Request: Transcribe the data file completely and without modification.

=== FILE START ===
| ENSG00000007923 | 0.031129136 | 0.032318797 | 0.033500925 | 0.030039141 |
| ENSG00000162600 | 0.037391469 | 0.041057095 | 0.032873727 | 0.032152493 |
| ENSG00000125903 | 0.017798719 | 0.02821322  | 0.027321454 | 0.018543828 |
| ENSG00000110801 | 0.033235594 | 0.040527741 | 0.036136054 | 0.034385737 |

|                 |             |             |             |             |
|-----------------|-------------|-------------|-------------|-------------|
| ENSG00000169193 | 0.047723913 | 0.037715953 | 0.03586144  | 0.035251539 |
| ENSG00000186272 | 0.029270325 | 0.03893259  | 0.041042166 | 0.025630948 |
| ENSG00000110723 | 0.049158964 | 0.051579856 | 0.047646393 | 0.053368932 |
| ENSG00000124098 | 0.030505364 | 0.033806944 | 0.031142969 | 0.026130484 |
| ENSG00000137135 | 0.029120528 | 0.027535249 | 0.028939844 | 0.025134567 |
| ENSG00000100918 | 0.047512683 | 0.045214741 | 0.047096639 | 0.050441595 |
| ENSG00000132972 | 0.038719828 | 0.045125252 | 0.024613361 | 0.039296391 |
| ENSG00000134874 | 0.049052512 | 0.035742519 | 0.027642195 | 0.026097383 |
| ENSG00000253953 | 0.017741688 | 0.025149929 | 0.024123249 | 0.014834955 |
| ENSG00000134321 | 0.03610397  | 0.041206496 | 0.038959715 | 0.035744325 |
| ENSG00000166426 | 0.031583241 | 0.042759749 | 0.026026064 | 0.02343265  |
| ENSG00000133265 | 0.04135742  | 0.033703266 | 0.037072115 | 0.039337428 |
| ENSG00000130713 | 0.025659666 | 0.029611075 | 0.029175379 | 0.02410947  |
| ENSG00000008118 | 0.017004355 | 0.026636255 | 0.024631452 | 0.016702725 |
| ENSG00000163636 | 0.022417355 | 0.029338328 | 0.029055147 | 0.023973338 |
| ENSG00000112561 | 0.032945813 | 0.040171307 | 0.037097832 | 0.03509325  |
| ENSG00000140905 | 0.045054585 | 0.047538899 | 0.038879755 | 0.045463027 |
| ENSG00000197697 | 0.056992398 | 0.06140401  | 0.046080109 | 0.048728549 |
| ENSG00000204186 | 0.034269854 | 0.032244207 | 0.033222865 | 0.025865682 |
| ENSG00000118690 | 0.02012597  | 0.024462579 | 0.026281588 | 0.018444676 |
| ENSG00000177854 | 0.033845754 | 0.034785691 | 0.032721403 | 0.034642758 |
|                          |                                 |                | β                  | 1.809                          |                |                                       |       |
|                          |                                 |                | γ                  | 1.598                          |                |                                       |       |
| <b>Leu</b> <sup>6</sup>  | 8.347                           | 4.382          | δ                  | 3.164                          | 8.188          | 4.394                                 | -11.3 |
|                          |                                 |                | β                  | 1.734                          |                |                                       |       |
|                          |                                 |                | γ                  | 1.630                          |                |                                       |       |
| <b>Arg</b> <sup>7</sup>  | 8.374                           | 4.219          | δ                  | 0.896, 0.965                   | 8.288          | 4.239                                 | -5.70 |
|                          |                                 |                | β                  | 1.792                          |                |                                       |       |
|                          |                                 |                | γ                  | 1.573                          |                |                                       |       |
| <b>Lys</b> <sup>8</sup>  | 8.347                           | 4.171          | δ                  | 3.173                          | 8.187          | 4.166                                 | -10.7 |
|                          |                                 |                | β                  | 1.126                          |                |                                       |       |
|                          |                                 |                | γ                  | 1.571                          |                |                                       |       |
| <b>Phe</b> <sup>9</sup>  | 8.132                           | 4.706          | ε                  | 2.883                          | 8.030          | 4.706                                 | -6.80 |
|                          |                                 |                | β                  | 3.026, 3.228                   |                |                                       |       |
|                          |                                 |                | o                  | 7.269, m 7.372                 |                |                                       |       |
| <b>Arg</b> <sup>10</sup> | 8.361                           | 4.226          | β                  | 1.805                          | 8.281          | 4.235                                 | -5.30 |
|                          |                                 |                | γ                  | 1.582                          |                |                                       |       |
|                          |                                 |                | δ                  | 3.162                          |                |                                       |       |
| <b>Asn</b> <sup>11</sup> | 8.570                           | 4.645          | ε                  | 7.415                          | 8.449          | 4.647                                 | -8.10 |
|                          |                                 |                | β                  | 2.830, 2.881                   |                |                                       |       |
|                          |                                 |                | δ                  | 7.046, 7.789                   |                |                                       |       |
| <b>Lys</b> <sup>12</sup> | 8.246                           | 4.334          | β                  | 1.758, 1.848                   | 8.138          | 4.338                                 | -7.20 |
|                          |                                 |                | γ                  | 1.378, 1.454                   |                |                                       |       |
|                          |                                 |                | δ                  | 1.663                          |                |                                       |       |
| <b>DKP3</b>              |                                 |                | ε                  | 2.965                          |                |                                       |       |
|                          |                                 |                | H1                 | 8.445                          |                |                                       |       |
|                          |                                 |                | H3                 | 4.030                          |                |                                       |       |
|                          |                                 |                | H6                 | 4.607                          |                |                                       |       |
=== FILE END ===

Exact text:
| ENSG00000007923 | 0.031129136 | 0.032318797 | 0.033500925 | 0.030039141 |
| ENSG00000162600 | 0.037391469 | 0.041057095 | 0.032873727 | 0.032152493 |
| ENSG00000125903 | 0.017798719 | 0.02821322  | 0.027321454 | 0.018543828 |
| ENSG00000110801 | 0.033235594 | 0.040527741 | 0.036136054 | 0.034385737 |

|                 |             |             |             |             |
|-----------------|-------------|-------------|-------------|-------------|
| ENSG00000169193 | 0.047723913 | 0.037715953 | 0.03586144  | 0.035251539 |
| ENSG00000186272 | 0.029270325 | 0.03893259  | 0.041042166 | 0.025630948 |
| ENSG00000110723 | 0.049158964 | 0.051579856 | 0.047646393 | 0.053368932 |
| ENSG00000124098 | 0.030505364 | 0.033806944 | 0.031142969 | 0.026130484 |
| ENSG00000137135 | 0.029120528 | 0.027535249 | 0.028939844 | 0.025134567 |
| ENSG00000100918 | 0.047512683 | 0.045214741 | 0.047096639 | 0.050441595 |
| ENSG00000132972 | 0.038719828 | 0.045125252 | 0.024613361 | 0.039296391 |
| ENSG00000134874 | 0.049052512 | 0.035742519 | 0.027642195 | 0.026097383 |
| ENSG00000253953 | 0.017741688 | 0.025149929 | 0.024123249 | 0.014834955 |
| ENSG00000134321 | 0.03610397  | 0.041206496 | 0.038959715 | 0.035744325 |
| ENSG00000166426 | 0.031583241 | 0.042759749 | 0.026026064 | 0.02343265  |
| ENSG00000133265 | 0.04135742  | 0.033703266 | 0.037072115 | 0.039337428 |
| ENSG00000130713 | 0.025659666 | 0.029611075 | 0.029175379 | 0.02410947  |
| ENSG00000008118 | 0.017004355 | 0.026636255 | 0.024631452 | 0.016702725 |
| ENSG00000163636 | 0.022417355 | 0.029338328 | 0.029055147 | 0.023973338 |
| ENSG00000112561 | 0.032945813 | 0.040171307 | 0.037097832 | 0.03509325  |
| ENSG00000140905 | 0.045054585 | 0.047538899 | 0.038879755 | 0.045463027 |
| ENSG00000197697 | 0.056992398 | 0.06140401  | 0.046080109 | 0.048728549 |
| ENSG00000204186 | 0.034269854 | 0.032244207 | 0.033222865 | 0.025865682 |
| ENSG00000118690 | 0.02012597  | 0.024462579 | 0.026281588 | 0.018444676 |
| ENSG00000177854 | 0.033845754 | 0.034785691 | 0.032721403 | 0.034642758 |
|                          |                                 |                | β                  | 1.809                          |                |                                       |       |
|                          |                                 |                | γ                  | 1.598                          |                |                                       |       |
| <b>Leu</b> <sup>6</sup>  | 8.347                           | 4.382          | δ                  | 3.164                          | 8.188          | 4.394                                 | -11.3 |
|                          |                                 |                | β                  | 1.734                          |                |                                       |       |
|                          |                                 |                | γ                  | 1.630                          |                |                                       |       |
| <b>Arg</b> <sup>7</sup>  | 8.374                           | 4.219          | δ                  | 0.896, 0.965                   | 8.288          | 4.239                                 | -5.70 |
|                          |                                 |                | β                  | 1.792                          |                |                                       |       |
|                          |                                 |                | γ                  | 1.573                          |                |                                       |       |
| <b>Lys</b> <sup>8</sup>  | 8.347                           | 4.171          | δ                  | 3.173                          | 8.187          | 4.166                                 | -10.7 |
|                          |                                 |                | β                  | 1.126                          |                |                                       |       |
|                          |                                 |                | γ                  | 1.571                          |                |                                       |       |
| <b>Phe</b> <sup>9</sup>  | 8.132                           | 4.706          | ε                  | 2.883                          | 8.030          | 4.706                                 | -6.80 |
|                          |                                 |                | β                  | 3.026, 3.228                   |                |                                       |       |
|                          |                                 |                | o                  | 7.269, m 7.372                 |                |                                       |       |
| <b>Arg</b> <sup>10</sup> | 8.361                           | 4.226          | β                  | 1.805                          | 8.281          | 4.235                                 | -5.30 |
|                          |                                 |                | γ                  | 1.582                          |                |                                       |       |
|                          |                                 |                | δ                  | 3.162                          |                |                                       |       |
| <b>Asn</b> <sup>11</sup> | 8.570                           | 4.645          | ε                  | 7.415                          | 8.449          | 4.647                                 | -8.10 |
|                          |                                 |                | β                  | 2.830, 2.881                   |                |                                       |       |
|                          |                                 |                | δ                  | 7.046, 7.789                   |                |                                       |       |
| <b>Lys</b> <sup>12</sup> | 8.246                           | 4.334          | β                  | 1.758, 1.848                   | 8.138          | 4.338                                 | -7.20 |
|                          |                                 |                | γ                  | 1.378, 1.454                   |                |                                       |       |
|                          |                                 |                | δ                  | 1.663                          |                |                                       |       |
| <b>DKP3</b>              |                                 |                | ε                  | 2.965                          |                |                                       |       |
|                          |                                 |                | H1                 | 8.445                          |                |                                       |       |
|                          |                                 |                | H3                 | 4.030                          |                |                                       |       |
|                          |                                 |                | H6                 | 4.607                          |                |                                       |       |